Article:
Department or Program



For 11,000 years, Celilo Falls was the most important salmon fishery and trading locale for Indigenous people living in the Columbia River Basin and the greater Pacific Northwest. In 1957, the U.S. Army Corps of Engineers closed the floodgates of the newly constructed Dalles Dam, and, within four hours, Celilo Falls drowned. This thesis examines the inundation of Celilo Falls through the perspectives of narrative, meaning-making, and historical memory. The first chapter uses the writings of early nineteenth-century explorers and settlers, such as Lewis and Clark, and analyzes how the first American narratives of Celilo began the process of meaning-making for the space that would ultimately lead to inundation. The second chapter explores the conflict between Native people and Americans along the Columbia River during the twentieth century, looking at American art, songs, Native stories, newspaper articles, and government reports to better understand the perception of Celilo for Native and non-Native actors. The third chapter studies the era of dam construction and the negotiations between the U.S. government and Native people. Finally, the conclusion explores narratives of Celilo post-inundation. It analyzes Native storytelling, poetry, novels, and school curricula to understand how Celilo is remembered and memorialized. Additionally, it delves into conversations surrounding dam removal both in Maine and on the Columbia River. Influential narratives constructed and perpetuated by Americans in the nineteenth and twentieth centuries characterized Celilo Falls as a hindrance to progress and as a resource for technological advancement, which ultimately led to inundation. This starkly opposed the Native conceptualization of Celilo as a home, a meeting place, a place of bounty and wealth, and a space of cultural and spiritual importance. This thesis underscores the relationship between place, narrative, and meaning-making, as well as its consequential and lasting effects.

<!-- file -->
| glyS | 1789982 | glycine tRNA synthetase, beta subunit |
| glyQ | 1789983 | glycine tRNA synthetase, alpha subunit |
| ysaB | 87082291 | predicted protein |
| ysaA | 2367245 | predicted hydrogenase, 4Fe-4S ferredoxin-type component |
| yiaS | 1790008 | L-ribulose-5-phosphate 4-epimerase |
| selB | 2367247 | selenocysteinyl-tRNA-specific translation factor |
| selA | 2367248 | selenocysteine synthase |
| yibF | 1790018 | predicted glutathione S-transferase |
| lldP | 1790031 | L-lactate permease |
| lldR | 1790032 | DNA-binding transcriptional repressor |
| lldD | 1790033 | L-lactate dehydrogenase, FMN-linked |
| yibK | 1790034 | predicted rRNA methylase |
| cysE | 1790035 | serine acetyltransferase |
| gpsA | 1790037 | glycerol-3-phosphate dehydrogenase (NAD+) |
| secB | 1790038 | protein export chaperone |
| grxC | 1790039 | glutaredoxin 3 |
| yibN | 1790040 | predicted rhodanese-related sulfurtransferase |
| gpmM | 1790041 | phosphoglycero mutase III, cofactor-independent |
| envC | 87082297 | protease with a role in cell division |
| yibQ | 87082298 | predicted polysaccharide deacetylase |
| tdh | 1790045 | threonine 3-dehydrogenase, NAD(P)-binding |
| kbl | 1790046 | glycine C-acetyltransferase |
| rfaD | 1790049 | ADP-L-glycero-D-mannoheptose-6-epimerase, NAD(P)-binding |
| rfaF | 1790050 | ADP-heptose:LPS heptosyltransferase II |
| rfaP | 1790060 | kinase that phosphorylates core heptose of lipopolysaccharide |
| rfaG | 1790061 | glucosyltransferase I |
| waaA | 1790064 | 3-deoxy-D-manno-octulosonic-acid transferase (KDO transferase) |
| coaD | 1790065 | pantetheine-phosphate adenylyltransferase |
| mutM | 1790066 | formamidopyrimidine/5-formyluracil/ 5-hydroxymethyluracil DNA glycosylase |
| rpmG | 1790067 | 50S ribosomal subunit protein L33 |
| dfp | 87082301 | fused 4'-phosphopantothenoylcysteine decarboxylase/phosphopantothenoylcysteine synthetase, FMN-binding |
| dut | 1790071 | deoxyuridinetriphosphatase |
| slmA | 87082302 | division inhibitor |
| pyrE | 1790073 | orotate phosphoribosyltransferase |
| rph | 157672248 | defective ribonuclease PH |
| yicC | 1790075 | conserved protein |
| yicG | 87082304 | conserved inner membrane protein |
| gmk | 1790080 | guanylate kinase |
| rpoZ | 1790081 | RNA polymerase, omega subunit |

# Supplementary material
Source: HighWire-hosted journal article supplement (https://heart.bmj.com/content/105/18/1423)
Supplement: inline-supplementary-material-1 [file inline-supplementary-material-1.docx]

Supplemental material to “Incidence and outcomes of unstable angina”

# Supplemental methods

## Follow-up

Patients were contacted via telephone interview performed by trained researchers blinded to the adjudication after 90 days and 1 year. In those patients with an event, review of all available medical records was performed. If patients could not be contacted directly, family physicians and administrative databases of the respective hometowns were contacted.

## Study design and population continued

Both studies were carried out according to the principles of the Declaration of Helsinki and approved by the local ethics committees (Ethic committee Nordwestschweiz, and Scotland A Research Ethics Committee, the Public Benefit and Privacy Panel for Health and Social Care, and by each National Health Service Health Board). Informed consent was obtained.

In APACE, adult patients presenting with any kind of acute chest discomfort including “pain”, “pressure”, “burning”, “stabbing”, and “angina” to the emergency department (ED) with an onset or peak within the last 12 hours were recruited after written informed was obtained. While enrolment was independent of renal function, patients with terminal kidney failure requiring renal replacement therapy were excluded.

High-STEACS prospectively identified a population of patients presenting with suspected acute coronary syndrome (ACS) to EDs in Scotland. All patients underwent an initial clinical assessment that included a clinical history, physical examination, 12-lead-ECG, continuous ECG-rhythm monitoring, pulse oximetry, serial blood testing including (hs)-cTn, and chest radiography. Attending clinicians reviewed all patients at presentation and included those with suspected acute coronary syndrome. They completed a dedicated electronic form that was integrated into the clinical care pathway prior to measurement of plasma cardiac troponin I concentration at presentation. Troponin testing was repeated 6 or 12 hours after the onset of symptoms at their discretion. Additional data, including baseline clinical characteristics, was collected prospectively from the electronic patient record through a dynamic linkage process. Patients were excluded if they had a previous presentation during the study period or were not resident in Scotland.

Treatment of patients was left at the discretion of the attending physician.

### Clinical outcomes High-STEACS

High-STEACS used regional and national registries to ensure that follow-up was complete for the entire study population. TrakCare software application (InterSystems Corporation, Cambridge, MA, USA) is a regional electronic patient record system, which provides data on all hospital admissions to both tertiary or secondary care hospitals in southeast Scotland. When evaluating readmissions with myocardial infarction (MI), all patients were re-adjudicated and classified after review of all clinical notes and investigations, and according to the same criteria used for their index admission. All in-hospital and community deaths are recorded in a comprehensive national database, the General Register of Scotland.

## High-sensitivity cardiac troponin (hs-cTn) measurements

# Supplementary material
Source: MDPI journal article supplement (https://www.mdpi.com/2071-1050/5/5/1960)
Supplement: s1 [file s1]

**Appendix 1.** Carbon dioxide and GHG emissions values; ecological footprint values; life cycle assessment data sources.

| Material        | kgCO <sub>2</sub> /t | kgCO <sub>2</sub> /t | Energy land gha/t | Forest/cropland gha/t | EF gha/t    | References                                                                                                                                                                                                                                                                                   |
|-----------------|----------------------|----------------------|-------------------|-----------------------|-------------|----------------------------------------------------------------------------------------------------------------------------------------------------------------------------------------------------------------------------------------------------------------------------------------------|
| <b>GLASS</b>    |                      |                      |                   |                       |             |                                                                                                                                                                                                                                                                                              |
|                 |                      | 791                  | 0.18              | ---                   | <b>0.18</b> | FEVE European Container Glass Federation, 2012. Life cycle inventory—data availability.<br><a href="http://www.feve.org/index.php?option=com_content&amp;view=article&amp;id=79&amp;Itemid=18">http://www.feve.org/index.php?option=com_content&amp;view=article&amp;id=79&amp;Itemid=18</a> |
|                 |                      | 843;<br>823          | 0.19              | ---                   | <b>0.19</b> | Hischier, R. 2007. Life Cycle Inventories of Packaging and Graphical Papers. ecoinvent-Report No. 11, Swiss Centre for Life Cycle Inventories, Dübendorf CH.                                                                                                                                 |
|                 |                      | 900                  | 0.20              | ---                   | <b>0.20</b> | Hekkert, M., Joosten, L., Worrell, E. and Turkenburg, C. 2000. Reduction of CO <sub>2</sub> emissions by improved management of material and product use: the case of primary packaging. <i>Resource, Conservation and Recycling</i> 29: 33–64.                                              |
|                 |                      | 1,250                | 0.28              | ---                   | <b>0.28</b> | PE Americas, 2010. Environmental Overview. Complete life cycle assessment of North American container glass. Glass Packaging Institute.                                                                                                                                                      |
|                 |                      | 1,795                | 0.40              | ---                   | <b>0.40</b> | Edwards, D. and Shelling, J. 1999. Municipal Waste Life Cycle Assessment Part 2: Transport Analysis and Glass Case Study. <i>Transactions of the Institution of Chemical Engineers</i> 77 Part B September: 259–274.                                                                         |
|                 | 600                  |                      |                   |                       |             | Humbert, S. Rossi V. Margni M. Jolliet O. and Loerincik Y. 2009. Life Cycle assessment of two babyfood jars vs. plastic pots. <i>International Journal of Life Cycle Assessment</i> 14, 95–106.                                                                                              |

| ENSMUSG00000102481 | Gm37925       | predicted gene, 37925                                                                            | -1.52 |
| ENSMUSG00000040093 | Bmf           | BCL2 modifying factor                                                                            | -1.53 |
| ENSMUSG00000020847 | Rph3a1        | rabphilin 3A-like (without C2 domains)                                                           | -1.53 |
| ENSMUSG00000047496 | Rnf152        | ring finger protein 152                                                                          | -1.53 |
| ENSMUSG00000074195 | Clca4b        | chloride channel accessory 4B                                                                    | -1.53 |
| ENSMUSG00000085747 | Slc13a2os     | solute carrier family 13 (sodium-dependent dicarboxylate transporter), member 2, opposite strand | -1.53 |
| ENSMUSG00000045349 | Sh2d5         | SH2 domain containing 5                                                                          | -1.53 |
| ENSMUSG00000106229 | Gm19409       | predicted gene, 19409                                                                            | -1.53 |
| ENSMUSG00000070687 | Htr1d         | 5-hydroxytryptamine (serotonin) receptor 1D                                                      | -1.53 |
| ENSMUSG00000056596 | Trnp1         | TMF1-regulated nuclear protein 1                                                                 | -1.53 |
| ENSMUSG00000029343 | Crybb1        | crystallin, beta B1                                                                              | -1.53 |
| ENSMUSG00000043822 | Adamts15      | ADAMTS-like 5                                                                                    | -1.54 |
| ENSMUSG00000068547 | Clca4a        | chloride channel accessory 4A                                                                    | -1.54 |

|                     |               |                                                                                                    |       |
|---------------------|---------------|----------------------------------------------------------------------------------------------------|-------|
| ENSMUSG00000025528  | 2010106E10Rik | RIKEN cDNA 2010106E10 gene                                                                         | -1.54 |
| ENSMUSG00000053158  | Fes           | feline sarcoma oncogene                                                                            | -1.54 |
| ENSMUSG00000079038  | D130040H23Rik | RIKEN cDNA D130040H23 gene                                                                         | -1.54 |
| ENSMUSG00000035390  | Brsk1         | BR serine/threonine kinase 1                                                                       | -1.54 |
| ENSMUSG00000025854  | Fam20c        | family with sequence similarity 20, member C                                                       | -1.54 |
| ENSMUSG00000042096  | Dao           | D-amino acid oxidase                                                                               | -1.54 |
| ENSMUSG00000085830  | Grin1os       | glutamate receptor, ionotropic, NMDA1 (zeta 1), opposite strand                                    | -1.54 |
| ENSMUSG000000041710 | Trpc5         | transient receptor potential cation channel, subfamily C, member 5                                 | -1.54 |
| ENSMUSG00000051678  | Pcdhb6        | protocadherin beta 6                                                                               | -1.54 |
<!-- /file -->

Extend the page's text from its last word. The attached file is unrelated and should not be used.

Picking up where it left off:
Level of Access

Open Access

First Advisor

Baker, Andrew

Date of Graduation


Degree Name

Bachelor of Arts

Number of Pages


Components of Thesis

1 pdf file

Open Access

Available to all.